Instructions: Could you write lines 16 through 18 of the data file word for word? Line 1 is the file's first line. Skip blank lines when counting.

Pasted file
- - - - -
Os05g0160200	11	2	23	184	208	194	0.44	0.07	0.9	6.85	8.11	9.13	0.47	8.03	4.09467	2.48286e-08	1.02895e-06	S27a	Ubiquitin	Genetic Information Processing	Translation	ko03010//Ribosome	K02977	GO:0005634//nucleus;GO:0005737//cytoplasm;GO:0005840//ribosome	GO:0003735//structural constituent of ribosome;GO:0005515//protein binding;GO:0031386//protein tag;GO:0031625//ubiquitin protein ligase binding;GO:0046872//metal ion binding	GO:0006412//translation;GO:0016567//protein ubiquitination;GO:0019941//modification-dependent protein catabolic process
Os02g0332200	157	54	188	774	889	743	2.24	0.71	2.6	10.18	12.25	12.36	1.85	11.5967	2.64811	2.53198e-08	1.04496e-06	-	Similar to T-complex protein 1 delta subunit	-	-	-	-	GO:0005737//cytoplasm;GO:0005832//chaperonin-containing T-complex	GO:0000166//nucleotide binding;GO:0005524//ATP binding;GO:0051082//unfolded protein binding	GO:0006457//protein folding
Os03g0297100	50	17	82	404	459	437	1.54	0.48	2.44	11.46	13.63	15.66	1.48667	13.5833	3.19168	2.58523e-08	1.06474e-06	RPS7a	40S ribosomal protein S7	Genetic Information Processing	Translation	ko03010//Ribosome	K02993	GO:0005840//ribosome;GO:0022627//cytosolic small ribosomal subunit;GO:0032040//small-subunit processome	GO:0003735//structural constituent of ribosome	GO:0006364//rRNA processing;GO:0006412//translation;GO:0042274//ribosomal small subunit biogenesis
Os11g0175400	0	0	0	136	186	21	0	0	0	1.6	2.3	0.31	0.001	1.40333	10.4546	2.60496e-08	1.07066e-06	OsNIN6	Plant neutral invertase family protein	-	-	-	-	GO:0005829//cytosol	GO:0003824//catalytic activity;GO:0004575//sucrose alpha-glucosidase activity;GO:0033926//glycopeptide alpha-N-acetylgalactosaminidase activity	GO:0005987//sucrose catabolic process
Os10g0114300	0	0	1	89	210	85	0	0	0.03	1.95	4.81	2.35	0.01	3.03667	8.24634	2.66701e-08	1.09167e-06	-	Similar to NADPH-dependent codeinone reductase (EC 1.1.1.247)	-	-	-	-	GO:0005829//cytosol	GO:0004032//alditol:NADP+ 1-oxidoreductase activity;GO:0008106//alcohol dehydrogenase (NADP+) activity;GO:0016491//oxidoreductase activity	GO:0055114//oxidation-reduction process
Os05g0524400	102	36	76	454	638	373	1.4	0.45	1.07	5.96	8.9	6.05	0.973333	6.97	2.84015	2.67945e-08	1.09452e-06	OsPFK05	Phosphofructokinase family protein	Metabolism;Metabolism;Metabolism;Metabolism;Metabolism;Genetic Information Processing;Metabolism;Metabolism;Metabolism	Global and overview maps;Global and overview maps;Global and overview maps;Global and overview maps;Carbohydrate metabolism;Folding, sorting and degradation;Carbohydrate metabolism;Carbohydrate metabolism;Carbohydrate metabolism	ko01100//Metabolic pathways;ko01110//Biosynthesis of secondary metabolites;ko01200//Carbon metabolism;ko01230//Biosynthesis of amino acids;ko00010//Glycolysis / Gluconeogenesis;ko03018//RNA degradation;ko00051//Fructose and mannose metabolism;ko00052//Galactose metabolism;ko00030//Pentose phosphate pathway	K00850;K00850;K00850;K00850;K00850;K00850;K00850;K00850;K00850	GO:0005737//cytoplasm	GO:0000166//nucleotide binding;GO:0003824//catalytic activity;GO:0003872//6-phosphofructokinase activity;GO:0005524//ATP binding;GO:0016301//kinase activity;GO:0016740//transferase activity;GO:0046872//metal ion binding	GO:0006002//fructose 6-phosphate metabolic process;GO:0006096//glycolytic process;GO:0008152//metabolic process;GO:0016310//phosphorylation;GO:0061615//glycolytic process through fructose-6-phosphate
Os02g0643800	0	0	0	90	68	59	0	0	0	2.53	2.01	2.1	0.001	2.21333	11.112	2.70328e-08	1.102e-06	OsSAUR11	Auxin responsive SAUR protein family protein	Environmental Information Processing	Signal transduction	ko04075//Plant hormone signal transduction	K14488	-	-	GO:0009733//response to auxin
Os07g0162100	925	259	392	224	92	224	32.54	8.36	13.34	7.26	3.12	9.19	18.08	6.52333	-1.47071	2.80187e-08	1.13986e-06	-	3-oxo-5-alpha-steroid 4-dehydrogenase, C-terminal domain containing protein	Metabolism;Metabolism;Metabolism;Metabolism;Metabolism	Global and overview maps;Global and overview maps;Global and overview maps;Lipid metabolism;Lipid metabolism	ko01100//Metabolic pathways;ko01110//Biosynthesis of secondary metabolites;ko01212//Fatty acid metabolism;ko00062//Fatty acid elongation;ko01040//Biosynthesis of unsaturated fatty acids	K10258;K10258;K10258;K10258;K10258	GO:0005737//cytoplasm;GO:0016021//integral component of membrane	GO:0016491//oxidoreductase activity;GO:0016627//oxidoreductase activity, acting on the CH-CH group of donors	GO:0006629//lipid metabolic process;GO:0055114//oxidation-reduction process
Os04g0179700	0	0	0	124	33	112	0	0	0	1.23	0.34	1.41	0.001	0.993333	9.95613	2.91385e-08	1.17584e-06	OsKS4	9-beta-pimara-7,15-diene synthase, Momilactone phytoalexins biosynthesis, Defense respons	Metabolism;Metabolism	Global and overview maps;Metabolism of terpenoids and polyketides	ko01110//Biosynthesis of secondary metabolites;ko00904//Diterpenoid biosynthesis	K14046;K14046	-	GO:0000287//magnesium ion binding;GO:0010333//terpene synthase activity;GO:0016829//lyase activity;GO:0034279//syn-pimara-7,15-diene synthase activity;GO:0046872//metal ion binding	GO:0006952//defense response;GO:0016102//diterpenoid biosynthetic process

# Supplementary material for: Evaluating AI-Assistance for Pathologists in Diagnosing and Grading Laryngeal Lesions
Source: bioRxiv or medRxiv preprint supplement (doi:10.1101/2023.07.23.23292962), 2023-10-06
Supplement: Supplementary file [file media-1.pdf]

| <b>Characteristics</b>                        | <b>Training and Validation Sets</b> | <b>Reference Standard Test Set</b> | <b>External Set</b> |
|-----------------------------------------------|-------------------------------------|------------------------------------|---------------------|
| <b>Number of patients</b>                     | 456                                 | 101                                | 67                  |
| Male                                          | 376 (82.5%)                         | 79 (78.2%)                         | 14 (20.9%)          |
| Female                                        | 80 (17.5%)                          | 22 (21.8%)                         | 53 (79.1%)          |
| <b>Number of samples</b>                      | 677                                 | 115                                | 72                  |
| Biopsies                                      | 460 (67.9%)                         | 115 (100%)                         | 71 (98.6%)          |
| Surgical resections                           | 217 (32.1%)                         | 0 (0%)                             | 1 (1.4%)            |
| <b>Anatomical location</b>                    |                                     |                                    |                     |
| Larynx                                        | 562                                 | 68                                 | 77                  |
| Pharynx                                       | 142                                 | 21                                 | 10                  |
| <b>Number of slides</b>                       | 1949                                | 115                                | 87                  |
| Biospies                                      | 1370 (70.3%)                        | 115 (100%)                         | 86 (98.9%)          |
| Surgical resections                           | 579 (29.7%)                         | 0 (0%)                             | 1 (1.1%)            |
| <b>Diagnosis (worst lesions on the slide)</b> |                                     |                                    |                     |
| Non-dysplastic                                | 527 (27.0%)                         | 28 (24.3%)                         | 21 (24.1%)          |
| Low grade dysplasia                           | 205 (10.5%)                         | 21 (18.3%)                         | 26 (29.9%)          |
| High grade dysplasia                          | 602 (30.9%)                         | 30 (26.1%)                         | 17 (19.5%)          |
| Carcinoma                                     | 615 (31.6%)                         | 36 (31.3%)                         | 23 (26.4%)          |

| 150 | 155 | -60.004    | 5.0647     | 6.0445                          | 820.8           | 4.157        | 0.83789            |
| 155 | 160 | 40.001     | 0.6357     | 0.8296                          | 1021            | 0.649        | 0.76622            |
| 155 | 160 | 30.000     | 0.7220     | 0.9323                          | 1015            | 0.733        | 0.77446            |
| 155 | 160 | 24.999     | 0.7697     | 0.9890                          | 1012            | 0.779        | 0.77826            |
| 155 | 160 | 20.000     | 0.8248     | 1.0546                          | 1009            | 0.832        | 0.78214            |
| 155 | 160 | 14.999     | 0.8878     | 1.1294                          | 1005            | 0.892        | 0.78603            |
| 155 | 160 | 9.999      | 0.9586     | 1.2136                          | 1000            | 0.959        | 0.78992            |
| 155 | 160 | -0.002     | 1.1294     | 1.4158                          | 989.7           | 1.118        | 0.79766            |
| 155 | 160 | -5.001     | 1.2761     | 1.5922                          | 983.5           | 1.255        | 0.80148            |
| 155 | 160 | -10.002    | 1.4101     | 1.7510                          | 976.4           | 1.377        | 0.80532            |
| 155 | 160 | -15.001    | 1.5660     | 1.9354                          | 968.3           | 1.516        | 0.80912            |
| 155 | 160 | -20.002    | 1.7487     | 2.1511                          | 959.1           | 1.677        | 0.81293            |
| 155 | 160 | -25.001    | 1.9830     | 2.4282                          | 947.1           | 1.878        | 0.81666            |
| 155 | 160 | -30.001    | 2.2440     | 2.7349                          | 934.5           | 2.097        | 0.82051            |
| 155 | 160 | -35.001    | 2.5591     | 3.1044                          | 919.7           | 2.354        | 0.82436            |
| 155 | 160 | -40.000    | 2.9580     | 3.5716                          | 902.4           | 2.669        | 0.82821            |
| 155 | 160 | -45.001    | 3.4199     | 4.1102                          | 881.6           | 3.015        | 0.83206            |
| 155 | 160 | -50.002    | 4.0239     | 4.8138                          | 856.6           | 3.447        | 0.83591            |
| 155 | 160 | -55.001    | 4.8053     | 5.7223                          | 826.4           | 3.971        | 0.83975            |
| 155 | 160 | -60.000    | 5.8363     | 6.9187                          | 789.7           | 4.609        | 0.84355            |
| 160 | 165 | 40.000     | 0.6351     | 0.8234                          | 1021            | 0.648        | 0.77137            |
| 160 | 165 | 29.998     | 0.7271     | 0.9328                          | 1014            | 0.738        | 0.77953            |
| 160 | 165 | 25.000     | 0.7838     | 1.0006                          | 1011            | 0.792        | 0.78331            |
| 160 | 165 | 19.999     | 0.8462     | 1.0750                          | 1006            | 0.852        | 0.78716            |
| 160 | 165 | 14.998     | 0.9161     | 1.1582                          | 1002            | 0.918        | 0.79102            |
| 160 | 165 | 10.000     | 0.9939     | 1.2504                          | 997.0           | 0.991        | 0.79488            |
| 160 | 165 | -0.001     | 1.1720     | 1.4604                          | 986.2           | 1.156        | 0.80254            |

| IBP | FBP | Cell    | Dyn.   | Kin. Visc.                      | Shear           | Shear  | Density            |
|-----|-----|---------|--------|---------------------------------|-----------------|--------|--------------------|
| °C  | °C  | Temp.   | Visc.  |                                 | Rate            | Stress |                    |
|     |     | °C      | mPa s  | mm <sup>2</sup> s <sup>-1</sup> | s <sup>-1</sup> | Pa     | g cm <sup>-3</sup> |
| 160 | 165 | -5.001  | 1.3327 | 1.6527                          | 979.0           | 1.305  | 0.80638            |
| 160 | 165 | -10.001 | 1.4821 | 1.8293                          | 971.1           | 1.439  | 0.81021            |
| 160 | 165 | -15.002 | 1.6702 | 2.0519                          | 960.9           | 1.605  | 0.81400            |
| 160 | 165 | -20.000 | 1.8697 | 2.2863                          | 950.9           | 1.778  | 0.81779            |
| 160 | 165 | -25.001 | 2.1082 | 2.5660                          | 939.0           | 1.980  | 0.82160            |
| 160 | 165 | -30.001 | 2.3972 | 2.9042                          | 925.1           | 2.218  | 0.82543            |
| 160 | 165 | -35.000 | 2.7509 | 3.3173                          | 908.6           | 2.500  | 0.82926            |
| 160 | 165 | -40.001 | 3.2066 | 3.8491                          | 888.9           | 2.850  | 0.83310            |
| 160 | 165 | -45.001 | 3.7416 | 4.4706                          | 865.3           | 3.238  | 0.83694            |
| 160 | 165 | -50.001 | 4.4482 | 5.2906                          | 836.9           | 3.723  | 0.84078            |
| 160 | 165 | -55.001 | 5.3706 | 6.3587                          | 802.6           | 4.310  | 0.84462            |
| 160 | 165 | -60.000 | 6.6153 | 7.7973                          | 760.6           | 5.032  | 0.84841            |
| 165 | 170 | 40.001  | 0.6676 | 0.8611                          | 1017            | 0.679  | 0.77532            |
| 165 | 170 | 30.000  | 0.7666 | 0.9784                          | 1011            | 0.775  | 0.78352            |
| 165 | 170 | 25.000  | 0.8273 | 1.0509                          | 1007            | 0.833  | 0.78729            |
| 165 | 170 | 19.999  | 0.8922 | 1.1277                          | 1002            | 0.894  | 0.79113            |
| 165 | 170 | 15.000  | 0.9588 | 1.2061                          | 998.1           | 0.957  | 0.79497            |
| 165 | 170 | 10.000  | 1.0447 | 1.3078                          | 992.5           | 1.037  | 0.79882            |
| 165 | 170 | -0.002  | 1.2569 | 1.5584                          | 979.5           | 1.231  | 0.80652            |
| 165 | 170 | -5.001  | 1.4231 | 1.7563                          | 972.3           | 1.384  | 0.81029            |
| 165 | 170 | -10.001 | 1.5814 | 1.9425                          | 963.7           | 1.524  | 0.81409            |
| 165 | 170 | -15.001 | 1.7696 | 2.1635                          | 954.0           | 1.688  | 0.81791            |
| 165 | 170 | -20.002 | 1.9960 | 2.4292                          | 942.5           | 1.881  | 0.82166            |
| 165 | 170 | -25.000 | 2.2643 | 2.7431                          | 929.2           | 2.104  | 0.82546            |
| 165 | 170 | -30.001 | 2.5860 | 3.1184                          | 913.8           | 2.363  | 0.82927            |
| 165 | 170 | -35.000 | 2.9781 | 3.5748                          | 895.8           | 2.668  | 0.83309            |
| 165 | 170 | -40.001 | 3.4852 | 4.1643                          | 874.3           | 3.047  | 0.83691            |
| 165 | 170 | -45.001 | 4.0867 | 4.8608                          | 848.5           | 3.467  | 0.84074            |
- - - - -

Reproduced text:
| Male                                          | 376 (82.5%)                         | 79 (78.2%)                         | 14 (20.9%)          |
| Female                                        | 80 (17.5%)                          | 22 (21.8%)                         | 53 (79.1%)          |
| <b>Number of samples</b>                      | 677                                 | 115                                | 72                  |